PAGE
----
It could work with a skilled GM, but I think it would be more trouble than its worth to make a Savage Doctor Who feel like the TV show. Fortunately, there’s Doctor Who: Adventures in Time and Space, which I’ve talked about several times on this blog (I’ll write a formal review some day). A lot of that comes from rules that are specifically designed to capture the feel of the TV show. For instance, there are lots of rules for solving problems (especially through talking, moving, and doing), but characters lose all their story points when they engage in an act of unprovoked violence.
Lately I’ve been catching up on Burn Notice, a TV show about a former CIA spy who has been blacklisted. Along with a few of his companions, he uses his training to do jobs of questionable legality, but he has a strong code of conduct; he will do all he can to right the greater wrongs in the world. For instance, he’ll sneak into a corporate facility and steal classified data if it will help root out a corrupt businessman who is harming someone who has come to him for help. Combat is not out of the realm of possibility, but it is usually a last resort.
One of the things that makes the show fun to watch is seeing some of the creative solutions that the characters have for their problems. For instance, one episode had them temporarily hiding a tracking bug by putting it under the hood of a car next to some metal, then grounding it to the car’s sound system in order to create an EM field strong enough to disrupt the transmission (unfortunately frying the sound system in the process). So to capture the feel of the show, you’d probably need a system that allows for that kind of granularity. Savage Worlds might be a poor fit because a single Repair roll to pull off the aforementioned trick just isn’t quite as satisfying as actually creating the plan and making it happen.
I don’t know of any systems that are a perfect match for this kind of behavior, but I think that Cortex by Margaret Weis Productions would be a closer fit. One of the things I like about it is that to do a task, you pair up an attribute and a skill. So to fast talk a guard into letting you inside, you would use Intelligence and Persuasion. But trying to lower the price of a car by giving the salesman a Bernie Mac handshake would be a roll of Strength and Persuasion. The combinations of the attributes and skills provide more varied actions and would encourage the more creative solutions seen in Burn Notice.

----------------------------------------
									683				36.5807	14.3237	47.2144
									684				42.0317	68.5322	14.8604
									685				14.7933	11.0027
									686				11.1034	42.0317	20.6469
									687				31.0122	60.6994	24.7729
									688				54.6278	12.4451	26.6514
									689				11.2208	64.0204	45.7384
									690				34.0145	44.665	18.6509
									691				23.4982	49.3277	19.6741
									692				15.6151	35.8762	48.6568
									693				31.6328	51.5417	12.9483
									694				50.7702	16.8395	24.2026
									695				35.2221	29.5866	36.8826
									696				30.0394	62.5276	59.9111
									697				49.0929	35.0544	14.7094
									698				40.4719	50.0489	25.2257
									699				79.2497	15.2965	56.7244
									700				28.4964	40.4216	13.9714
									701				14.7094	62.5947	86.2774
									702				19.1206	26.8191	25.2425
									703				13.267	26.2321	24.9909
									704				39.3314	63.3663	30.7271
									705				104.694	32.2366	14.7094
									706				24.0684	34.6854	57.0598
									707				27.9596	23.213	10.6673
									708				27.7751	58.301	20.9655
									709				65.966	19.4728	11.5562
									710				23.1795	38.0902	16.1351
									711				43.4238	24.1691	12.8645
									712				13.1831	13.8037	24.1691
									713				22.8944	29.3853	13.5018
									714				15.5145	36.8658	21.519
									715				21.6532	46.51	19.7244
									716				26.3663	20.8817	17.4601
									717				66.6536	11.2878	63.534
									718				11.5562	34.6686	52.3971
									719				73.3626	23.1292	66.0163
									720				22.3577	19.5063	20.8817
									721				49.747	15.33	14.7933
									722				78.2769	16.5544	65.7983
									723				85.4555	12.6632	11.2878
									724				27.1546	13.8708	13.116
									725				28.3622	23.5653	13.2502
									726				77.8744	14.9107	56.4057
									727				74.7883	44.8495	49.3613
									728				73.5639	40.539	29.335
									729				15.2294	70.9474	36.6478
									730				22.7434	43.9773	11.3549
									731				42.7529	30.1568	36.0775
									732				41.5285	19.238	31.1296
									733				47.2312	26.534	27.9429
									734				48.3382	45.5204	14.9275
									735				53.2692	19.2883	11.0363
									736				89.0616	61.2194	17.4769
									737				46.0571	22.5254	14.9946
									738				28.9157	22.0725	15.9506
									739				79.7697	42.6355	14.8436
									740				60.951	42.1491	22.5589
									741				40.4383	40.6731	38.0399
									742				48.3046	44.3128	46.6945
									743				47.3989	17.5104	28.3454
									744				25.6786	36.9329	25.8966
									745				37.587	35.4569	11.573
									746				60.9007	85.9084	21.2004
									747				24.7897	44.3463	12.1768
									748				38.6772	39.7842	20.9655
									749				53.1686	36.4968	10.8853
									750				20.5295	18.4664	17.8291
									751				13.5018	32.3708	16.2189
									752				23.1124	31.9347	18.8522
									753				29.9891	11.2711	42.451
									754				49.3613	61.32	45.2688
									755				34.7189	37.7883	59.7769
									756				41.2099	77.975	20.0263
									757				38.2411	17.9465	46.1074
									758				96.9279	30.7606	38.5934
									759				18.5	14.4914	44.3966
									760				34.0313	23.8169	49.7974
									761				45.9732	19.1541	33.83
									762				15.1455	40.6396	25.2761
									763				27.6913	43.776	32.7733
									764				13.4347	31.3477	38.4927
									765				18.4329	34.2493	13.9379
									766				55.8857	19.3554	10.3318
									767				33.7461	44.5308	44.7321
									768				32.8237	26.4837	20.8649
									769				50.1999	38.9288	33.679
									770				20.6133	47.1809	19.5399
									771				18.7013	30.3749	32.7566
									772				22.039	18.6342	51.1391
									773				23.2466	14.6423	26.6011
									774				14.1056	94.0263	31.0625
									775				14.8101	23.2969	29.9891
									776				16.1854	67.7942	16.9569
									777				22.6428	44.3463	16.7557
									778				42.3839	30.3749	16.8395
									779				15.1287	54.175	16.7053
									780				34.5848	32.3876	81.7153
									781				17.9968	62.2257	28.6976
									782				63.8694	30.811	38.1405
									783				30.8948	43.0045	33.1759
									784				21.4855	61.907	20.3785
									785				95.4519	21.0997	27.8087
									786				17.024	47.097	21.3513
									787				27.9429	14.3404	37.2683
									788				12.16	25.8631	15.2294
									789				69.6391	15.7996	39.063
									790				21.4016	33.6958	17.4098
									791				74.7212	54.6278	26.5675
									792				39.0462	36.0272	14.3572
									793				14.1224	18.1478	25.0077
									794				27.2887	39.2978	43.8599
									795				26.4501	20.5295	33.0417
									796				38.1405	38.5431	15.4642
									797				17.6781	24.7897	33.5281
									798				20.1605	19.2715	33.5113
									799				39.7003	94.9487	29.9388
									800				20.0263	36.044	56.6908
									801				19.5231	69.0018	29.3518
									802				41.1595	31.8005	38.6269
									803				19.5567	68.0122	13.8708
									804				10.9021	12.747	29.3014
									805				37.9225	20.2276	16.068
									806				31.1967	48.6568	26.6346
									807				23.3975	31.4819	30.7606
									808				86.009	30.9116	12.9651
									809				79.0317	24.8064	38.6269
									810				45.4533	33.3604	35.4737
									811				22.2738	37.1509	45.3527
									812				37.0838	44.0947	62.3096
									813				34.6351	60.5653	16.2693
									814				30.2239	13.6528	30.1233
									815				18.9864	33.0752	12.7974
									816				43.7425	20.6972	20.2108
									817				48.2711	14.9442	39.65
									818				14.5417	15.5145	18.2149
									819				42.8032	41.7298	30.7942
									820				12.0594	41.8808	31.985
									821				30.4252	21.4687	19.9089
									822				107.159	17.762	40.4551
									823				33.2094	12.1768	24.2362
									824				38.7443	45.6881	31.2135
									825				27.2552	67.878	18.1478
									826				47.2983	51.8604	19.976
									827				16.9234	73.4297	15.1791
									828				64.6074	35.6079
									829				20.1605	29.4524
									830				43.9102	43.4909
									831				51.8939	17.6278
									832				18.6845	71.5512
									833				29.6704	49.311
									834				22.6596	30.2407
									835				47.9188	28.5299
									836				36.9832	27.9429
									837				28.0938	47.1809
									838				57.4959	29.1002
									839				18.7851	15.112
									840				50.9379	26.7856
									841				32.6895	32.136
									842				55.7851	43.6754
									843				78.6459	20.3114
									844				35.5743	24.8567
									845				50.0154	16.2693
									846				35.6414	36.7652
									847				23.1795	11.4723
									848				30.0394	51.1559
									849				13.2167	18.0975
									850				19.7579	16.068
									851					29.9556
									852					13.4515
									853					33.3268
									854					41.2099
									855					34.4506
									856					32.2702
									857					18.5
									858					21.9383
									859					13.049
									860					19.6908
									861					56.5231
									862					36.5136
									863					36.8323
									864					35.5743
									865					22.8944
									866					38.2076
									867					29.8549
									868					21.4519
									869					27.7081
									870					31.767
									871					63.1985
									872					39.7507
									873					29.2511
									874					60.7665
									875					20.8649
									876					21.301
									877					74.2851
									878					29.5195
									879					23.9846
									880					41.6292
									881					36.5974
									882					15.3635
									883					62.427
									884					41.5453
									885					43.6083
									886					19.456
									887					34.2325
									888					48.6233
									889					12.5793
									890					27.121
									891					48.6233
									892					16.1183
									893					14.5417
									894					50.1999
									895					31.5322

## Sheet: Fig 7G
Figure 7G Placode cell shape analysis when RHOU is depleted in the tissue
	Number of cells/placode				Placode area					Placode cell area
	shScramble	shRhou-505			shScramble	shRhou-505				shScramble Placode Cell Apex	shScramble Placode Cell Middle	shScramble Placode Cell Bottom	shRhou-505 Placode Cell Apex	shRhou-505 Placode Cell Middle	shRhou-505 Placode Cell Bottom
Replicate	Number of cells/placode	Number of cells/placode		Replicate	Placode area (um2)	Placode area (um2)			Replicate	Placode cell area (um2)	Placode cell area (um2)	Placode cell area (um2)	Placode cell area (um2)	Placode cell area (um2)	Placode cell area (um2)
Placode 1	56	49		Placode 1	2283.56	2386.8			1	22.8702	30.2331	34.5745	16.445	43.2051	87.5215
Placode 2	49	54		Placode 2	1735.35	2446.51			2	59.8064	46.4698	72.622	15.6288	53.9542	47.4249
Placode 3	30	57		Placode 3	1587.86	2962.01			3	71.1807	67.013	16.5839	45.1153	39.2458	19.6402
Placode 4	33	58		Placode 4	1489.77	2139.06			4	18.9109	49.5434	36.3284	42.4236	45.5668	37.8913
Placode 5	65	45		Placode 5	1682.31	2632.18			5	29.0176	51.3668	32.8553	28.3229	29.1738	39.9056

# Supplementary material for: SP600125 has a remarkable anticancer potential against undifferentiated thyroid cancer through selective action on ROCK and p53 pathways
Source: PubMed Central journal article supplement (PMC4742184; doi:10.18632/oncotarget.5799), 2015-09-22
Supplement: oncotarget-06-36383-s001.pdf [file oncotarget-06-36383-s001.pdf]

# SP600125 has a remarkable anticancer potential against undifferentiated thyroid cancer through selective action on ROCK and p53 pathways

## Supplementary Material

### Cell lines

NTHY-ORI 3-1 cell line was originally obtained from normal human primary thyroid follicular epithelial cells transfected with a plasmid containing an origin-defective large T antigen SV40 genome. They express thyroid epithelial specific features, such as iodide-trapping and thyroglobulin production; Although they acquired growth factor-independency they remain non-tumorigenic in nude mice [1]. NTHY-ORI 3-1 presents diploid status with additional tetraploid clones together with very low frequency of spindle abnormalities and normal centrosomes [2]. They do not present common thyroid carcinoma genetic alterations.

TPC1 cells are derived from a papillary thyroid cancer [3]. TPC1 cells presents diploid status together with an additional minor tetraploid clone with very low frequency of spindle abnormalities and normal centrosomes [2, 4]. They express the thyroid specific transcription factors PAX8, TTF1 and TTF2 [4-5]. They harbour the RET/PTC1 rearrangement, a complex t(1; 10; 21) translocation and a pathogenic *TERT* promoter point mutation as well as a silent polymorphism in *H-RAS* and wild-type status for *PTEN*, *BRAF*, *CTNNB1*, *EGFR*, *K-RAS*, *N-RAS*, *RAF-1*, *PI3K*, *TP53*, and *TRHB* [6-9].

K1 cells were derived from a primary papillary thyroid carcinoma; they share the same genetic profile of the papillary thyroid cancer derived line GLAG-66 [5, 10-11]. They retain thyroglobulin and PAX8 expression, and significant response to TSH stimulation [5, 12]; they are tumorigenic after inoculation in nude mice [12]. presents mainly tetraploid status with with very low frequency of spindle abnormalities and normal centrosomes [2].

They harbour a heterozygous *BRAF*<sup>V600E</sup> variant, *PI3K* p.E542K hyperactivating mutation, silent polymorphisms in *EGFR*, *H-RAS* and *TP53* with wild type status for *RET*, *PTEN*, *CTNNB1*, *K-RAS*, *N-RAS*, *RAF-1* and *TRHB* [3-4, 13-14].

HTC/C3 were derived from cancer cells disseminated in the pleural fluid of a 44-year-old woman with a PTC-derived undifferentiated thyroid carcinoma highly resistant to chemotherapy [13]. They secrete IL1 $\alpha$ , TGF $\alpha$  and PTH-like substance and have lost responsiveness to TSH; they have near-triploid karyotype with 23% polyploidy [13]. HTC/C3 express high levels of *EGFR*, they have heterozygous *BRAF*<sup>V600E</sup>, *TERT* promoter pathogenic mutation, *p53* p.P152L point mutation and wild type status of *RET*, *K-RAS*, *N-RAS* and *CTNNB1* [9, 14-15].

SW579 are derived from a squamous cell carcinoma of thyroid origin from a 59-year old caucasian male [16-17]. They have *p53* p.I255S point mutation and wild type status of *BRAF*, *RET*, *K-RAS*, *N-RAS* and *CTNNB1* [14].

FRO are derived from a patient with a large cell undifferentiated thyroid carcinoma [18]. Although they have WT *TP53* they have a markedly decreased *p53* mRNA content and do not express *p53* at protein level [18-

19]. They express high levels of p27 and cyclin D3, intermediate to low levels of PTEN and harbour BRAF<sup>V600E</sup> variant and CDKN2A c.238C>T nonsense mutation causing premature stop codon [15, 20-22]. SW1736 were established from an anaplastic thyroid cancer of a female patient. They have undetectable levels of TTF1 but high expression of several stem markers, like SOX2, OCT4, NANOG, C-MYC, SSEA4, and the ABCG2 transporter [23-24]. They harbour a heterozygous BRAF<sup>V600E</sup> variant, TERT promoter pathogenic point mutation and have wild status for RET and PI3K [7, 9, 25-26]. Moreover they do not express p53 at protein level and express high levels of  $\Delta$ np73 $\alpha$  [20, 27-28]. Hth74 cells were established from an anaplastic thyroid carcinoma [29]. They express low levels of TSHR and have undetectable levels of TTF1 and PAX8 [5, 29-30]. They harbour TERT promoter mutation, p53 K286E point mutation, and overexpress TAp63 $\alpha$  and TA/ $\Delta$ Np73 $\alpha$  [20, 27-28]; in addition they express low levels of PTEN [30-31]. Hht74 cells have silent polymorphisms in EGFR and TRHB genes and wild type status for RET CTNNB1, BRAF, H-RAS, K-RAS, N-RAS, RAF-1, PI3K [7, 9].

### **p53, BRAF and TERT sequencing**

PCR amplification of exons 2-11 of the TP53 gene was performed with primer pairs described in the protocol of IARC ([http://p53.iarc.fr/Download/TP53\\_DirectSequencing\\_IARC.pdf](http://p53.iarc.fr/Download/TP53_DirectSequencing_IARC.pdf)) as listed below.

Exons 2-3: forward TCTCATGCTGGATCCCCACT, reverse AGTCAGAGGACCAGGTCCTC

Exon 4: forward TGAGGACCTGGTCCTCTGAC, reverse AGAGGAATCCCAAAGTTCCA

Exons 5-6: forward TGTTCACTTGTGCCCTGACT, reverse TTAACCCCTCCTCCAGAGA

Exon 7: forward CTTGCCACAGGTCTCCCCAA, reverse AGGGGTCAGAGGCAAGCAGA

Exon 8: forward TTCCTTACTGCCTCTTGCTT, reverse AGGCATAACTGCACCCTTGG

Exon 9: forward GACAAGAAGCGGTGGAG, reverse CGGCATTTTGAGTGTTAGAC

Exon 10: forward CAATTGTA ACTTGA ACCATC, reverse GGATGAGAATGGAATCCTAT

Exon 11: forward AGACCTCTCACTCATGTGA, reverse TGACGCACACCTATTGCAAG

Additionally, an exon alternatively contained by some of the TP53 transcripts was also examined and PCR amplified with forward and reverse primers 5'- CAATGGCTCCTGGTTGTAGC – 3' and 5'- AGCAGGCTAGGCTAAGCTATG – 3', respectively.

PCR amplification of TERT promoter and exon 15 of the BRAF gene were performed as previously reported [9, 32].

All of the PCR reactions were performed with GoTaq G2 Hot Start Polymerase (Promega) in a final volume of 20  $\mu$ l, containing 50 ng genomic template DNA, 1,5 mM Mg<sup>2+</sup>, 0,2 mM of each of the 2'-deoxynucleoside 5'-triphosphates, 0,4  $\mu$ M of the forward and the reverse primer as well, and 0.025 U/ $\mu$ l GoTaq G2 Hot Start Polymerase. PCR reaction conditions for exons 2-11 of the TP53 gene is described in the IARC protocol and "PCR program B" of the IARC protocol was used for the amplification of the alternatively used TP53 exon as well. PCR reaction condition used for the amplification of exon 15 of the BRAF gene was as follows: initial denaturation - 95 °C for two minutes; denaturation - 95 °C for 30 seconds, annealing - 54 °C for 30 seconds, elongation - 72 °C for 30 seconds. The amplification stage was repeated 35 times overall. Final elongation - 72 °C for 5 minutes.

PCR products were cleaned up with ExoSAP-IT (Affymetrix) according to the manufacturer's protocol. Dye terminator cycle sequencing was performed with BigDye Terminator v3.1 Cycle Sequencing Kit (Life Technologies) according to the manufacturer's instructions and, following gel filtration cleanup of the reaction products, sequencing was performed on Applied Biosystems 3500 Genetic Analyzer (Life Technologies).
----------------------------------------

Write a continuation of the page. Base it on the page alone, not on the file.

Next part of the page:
At the end of day, I think that a skilled GM and a willing group of players can make any system work with a particular setting. It may not be an optimal fit, but I think they could make it work if they put the effort into it. But it’s still worth trying to find a system that supports the overall feel of the setting.
I had a great time at GenCon 2011 this year. Unlike Origins, I only went for the weekend, but enjoyed it nonetheless. My time was divided between running Doctor Who: Adventures in Time and Space for Cubicle 7 and touring the vendor hall at the exhibit.
Running Doctor Who was an interesting experience. I was given some prerelease materials including character sheets for the Eleventh Doctor (Matt Smith), Amy Pond, Rory Williams, and River Song. The current box set features the Tenth Doctor (David Tennant) and his companions, but Cubicle 7 is in the process of creating a new box set which has the same rules, but has art for the Eleventh Doctor era. I’m told that PDF character sheets from both eras will be available online once the new set is released.
I ran three sessions of the adventure “Cat’s Eye,” which will be released soon (probably as an adventure in the Matt Smith set). As I hinted in my last post, it involved hobos, aliens, and lots and lots of cats! The scenario only took about 2 hours, but since the players signed up for a 4 hour game, I ran a shortened version of “Sovereigns of the Sea,” my one-shot involving the TARDIS arriving on the Queen Anne’s Revenge and Blackbeard trying to find a treasure that, unbeknownst to him, belonged to aliens who didn’t take kindly to pirates.
All my games went well and I had a lot of fun with them. But my favorite one had to be the “Sovereigns of the Sea” part of the second session. The player who was playing The Doctor had to leave early, so we were left with River Song, Captain Jack Harkness, K-9, and Craig (that guy from the episode where the Doctor rented out a room in a house where the second story was actually an alien spaceship). None of the players wanted to take the Doctor, so we decided that River kicked the Doctor out of the TARDIS and took the companions on their own adventure!
Fully intending to go to the Caribbean beach (and leaving the TARDIS decked out in beach attire, complete with putting a Hawaiian shirt and sunglasses on K-9), they arrived on the Queen Anne’s Revenge. When the pirates tried to make them walk the plank, River just led the group into the TARDIS and (knowing how to actually drive the thing) took it to the beach where they waited for the pirates to arrive. River told the dumbfounded pirates that she was a magical witch and proved it by “resurrecting” Jack when they shot him.